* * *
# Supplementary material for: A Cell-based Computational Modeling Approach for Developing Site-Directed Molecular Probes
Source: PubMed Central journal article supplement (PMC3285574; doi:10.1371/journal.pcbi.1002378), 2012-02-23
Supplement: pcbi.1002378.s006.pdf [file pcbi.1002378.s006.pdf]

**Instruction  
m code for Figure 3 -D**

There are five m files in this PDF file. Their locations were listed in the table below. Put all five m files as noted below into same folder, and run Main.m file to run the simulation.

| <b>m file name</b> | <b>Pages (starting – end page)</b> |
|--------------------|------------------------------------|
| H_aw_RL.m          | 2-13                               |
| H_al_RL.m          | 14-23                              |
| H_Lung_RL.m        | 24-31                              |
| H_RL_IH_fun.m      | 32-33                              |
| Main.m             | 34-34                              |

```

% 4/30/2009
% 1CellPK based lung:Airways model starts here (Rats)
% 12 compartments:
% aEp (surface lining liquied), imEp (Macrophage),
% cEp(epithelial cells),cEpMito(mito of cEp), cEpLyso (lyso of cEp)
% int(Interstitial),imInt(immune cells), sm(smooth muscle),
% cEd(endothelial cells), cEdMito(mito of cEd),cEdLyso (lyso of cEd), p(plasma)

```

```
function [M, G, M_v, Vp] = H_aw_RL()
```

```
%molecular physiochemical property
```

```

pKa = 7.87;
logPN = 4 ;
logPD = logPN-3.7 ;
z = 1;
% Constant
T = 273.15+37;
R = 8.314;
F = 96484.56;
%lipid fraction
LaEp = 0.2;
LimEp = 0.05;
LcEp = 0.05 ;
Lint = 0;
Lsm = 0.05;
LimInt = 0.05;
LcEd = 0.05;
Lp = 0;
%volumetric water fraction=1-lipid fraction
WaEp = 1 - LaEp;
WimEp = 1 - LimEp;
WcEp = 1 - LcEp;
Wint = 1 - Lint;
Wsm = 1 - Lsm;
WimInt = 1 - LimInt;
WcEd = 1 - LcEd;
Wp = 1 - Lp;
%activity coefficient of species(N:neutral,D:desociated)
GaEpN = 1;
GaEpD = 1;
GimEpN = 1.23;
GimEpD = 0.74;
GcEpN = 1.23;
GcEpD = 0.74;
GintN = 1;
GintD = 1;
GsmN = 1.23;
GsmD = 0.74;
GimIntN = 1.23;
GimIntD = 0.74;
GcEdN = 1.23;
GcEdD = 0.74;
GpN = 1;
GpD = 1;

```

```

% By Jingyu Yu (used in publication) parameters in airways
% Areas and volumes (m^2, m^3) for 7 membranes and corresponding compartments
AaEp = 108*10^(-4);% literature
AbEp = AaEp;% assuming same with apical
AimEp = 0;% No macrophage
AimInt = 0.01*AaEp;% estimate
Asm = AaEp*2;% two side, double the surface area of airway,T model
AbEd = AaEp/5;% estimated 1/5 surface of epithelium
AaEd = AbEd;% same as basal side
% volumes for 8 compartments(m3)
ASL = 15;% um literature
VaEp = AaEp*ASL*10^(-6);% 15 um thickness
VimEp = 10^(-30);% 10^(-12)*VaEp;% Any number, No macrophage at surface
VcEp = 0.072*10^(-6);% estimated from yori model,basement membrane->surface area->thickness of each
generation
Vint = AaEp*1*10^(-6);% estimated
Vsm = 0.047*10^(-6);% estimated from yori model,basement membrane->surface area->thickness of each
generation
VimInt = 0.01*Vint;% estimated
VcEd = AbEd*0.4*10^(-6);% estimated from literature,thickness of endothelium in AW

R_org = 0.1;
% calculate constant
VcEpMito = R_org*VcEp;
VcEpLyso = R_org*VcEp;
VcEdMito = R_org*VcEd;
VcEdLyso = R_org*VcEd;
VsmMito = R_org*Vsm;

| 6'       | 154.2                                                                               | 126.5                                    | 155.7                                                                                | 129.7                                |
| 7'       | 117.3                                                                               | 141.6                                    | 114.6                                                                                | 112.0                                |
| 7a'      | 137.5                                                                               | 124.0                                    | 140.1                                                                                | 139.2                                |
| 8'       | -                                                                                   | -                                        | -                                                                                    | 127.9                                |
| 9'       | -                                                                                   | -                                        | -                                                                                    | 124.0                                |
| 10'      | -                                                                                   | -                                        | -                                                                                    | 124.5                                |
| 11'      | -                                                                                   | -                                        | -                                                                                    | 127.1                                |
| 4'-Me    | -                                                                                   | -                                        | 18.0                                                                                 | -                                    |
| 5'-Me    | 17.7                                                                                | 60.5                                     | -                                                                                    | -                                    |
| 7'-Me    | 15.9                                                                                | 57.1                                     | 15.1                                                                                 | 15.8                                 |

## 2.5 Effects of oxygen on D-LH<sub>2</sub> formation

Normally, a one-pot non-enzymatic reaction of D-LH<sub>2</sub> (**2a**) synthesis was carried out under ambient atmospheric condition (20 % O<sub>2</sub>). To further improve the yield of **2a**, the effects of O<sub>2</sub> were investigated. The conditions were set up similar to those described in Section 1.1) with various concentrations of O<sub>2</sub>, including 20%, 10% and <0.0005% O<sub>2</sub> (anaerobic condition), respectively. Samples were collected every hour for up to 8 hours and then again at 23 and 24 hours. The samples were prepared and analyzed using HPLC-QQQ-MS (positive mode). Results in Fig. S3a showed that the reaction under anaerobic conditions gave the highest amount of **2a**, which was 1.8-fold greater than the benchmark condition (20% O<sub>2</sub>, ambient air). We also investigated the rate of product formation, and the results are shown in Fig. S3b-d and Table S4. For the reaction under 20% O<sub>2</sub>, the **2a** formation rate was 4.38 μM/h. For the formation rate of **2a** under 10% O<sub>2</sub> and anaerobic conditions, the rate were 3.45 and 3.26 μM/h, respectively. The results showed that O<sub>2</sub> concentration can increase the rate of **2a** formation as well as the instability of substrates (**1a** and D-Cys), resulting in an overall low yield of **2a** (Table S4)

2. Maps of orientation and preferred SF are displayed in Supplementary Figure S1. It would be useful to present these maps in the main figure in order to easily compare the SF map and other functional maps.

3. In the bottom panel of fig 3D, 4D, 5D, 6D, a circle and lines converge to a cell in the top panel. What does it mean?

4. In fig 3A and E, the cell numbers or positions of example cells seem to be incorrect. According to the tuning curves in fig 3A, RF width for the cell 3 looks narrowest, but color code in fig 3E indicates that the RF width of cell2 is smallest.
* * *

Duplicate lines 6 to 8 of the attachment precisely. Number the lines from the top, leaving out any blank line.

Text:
There are five m files in this PDF file. Their locations were listed in the table below. Put all five m files as noted below into same folder, and run Main.m file to run the simulation.

| <b>m file name</b> | <b>Pages (starting – end page)</b> |
|--------------------|------------------------------------|